Restorative Justice Conferencing for Adults: A Deeper Dive with Richard Dening

Australia’s criminal justice landscape has long been steeped in traditional methodologies. But in recent times, there have been growing voices advocating for alternate justice approaches, like restorative justice. Richard Dening, the Manager of Adult Restorative Justice Conferencing in Queensland, recently threw the spotlight on this often-overlooked area, particularly in the context of adult offenders.

Richard, with his rich educational background spanning law, peace, conflict studies, and conflict management, brought a well-rounded perspective to the fore. In a system where Restorative Justice Conferencing (RJC) for adults is rarely employed as a diversion, Richard’s presentation navigated the uncharted waters of opportunities and the unique challenges it brings.

For those unfamiliar, RJC is an approach where the offender and the victim voluntarily come together to discuss the offense, the harm caused, and potential reparations. It’s a more holistic and rehabilitation-focused method as opposed to punitive justice. And while this approach has seen acceptance in juvenile cases, its application for adults, especially as a diversion from the traditional route, remains limited in Australia.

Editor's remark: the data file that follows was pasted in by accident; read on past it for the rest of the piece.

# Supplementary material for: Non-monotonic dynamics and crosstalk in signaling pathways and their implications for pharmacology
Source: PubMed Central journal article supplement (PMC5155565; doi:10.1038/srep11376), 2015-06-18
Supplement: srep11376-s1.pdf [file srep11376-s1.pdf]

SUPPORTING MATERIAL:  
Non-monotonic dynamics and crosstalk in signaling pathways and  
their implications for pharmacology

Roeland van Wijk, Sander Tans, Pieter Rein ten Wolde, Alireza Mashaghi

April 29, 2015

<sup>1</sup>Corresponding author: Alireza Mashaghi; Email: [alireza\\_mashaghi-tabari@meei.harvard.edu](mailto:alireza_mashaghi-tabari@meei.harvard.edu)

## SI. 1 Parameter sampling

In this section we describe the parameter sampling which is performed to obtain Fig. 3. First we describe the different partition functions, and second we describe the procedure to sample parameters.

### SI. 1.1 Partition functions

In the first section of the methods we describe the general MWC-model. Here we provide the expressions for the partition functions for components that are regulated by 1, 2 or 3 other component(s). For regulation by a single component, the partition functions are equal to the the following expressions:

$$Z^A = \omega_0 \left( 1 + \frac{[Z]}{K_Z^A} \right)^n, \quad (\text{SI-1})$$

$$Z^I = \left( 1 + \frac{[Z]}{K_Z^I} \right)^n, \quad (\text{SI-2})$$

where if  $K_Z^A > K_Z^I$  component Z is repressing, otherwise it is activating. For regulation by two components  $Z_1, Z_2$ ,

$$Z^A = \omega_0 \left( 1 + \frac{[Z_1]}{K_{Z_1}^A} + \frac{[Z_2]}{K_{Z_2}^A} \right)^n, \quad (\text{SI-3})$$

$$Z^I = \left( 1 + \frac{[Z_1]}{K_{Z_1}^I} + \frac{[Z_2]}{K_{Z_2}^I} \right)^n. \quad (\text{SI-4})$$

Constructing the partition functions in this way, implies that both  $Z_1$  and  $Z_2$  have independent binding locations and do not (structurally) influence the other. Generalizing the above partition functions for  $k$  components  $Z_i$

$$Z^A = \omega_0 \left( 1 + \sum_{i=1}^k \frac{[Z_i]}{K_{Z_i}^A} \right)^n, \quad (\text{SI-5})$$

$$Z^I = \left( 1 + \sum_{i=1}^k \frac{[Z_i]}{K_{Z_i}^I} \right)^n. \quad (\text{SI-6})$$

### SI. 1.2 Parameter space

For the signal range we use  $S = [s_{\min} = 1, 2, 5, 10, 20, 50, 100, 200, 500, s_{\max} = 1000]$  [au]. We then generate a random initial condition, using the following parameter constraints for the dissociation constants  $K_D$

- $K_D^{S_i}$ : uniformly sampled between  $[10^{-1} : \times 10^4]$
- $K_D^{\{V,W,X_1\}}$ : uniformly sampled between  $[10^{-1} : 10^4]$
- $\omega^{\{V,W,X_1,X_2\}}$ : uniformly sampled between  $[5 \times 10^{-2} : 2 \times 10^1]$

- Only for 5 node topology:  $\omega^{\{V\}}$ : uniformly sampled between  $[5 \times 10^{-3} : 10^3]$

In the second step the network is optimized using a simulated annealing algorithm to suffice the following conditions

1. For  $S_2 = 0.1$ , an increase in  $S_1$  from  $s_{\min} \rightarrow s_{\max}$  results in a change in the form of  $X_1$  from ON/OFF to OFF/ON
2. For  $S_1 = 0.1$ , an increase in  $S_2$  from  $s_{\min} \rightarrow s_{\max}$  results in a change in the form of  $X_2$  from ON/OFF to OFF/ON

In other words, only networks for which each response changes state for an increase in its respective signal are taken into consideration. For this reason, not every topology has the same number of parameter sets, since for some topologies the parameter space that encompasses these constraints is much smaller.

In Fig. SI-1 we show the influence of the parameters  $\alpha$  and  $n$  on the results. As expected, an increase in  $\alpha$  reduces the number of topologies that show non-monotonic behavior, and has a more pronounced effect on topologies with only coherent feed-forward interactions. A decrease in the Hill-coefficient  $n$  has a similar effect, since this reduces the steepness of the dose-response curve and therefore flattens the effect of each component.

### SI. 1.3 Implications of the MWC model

One of the most riveting parts of Richard’s talk was his deep dive into the motivations behind RJC. What drives an adult offender to opt for this path? Is it genuine remorse, a strategic move to avoid harsher penalties, or a combination of both? Similarly, on the victim’s side, what drives them to face their transgressors outside the courtrooms? Richard shed light on these complex emotional and strategic transactions that underline such decisions.

Moreover, Richard brought up compelling arguments around the interplay of RJC with the mainstream criminal justice system. How does RJC fit within the broader framework of Australian justice? And how can it be streamlined to ensure that victims and offenders both see it as a viable, trustworthy alternative?

Yet, the pinnacle of Richard’s presentation was undoubtedly his exploration of the broader societal implications of diversionary RJC. On the surface, RJC for adults seems like an effective tool to reduce the criminalization of citizens, offering them a chance at rehabilitation over retribution. However, Richard prompted the audience to ponder: Does this system genuinely provide an equitable platform for all, or does it inadvertently become an avenue where societal prejudices, discrimination, and inequality get replayed?

Given the diverse fabric of Australian society, this question is of paramount importance. While RJC aims to bring healing and resolution, without meticulous care, it can perpetuate the very biases and discriminations it seeks to avoid.

In conclusion, Richard Dening’s presentation was not just an academic exploration of Restorative Justice Conferencing for adults; it was a clarion call for introspection. It urged the stakeholders of the Australian criminal justice system to weigh the pros and cons of diversionary RJC, ensuring that it doesn’t become just another arena for societal biases but stands as a beacon of genuine, equitable justice. As Australia grapples with the future of its justice system, voices like Richard’s will undoubtedly play a pivotal role in shaping its trajectory.